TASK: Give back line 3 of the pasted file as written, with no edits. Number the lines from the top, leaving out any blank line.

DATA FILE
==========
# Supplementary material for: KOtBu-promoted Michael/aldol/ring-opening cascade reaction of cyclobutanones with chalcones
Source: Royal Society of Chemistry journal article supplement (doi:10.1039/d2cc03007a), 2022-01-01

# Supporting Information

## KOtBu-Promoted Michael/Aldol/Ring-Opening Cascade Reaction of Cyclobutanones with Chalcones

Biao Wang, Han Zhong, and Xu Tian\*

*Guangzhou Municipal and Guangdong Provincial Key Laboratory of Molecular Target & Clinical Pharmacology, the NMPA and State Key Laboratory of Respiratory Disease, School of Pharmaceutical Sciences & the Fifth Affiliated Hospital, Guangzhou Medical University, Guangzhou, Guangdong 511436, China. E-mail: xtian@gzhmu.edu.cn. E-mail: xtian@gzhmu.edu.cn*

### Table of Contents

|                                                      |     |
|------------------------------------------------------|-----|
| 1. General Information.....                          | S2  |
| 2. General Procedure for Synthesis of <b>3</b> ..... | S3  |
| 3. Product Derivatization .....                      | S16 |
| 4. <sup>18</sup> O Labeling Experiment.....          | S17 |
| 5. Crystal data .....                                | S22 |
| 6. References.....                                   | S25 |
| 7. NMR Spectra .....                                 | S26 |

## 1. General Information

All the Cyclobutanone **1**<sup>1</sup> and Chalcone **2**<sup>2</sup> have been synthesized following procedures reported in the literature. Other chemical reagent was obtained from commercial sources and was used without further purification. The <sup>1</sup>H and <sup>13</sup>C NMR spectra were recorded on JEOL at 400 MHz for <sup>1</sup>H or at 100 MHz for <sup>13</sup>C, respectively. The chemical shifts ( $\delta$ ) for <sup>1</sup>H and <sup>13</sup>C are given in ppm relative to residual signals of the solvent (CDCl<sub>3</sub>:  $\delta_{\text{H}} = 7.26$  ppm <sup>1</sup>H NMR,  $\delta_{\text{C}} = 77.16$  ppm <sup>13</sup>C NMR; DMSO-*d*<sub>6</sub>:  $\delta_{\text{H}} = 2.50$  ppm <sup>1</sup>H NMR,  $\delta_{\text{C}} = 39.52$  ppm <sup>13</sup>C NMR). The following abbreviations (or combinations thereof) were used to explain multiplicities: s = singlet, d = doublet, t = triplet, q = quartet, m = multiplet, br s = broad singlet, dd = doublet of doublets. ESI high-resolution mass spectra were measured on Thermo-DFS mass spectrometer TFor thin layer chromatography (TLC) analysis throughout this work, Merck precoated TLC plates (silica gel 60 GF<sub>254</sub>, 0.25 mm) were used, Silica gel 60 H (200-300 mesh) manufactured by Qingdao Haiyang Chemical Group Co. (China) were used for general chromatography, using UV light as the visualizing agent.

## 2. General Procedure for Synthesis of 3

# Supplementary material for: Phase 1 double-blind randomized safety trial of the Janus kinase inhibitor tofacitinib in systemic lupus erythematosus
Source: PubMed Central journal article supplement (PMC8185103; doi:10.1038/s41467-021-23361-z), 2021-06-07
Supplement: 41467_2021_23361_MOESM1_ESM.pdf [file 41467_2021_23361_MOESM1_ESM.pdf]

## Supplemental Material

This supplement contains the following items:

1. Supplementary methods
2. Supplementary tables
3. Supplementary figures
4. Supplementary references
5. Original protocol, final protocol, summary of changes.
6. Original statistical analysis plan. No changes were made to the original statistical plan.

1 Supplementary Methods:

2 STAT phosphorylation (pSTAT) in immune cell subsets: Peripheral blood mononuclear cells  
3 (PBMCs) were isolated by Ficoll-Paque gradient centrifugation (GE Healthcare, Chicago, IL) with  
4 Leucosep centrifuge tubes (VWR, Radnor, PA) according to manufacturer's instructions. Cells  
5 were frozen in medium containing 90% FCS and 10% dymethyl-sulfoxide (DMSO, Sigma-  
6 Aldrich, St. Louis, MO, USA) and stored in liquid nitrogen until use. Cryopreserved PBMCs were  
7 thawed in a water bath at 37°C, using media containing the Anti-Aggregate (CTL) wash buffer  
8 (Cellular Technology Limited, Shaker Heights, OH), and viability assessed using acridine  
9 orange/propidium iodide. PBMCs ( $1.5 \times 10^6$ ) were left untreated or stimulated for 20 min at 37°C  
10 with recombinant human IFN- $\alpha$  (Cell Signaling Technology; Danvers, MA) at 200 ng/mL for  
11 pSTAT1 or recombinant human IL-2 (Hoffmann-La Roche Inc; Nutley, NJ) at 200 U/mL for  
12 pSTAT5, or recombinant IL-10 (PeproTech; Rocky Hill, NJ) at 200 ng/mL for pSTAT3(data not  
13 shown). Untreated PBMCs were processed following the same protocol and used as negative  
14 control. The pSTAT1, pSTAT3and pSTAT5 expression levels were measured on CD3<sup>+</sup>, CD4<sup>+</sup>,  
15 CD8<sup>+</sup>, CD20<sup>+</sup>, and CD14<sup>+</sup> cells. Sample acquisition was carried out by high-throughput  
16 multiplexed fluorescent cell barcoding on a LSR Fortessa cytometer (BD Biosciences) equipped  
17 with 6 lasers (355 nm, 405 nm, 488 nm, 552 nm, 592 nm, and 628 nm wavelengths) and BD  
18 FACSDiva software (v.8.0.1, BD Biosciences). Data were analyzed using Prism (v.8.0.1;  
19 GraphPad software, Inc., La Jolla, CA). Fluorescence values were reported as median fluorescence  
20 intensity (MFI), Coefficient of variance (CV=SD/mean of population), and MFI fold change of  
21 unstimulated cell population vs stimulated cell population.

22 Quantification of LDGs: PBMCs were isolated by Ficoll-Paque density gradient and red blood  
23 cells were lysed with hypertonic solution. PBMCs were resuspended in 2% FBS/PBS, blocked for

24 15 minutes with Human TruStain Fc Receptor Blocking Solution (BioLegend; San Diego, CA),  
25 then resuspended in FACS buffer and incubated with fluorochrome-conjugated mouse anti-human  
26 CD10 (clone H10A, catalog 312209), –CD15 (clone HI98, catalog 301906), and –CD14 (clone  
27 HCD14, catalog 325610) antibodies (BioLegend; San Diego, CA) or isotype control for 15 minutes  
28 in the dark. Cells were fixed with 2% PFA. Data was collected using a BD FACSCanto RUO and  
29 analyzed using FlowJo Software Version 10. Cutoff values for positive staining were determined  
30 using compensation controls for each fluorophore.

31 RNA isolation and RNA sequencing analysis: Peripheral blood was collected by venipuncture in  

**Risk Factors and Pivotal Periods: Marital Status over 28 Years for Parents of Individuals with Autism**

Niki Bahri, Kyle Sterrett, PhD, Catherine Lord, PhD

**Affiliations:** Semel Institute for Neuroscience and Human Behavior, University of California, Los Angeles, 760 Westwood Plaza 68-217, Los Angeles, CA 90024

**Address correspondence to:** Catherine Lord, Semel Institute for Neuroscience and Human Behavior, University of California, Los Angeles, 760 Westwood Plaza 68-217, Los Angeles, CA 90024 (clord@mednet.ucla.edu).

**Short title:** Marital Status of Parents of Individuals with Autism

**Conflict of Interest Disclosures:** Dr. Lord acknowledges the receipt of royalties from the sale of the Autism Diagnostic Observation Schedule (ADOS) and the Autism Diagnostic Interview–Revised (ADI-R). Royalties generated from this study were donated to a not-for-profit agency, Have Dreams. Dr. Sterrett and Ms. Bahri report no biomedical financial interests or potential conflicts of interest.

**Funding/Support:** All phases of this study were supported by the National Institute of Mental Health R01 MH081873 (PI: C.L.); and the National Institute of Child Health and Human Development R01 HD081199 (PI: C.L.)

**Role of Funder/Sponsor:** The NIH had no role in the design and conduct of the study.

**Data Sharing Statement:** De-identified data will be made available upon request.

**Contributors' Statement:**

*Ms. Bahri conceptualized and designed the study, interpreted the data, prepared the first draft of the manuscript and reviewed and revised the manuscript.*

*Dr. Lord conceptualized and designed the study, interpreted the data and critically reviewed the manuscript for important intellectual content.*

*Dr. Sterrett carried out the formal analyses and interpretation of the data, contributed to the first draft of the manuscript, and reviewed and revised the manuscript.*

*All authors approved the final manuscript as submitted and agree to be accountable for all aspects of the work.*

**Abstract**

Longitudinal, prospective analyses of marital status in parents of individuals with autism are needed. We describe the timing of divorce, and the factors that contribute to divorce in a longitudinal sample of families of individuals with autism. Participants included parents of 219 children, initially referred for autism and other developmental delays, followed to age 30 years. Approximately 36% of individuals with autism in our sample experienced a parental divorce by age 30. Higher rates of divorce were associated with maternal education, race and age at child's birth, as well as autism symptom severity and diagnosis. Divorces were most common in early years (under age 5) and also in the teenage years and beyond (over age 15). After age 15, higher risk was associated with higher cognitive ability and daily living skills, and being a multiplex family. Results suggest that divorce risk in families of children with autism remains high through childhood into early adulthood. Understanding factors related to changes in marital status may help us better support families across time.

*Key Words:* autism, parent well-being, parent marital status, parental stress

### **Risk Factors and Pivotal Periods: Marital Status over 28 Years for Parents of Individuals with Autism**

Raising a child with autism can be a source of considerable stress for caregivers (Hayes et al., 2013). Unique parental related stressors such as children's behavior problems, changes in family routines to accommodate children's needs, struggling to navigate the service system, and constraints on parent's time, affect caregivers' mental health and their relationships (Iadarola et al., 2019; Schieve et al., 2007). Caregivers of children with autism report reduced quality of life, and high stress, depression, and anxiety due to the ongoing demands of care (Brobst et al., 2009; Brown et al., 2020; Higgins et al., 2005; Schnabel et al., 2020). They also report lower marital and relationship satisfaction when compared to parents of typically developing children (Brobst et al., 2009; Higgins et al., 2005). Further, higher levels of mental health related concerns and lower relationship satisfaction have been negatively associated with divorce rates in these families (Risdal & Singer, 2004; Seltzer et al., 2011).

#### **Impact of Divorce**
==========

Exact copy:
# Supporting Information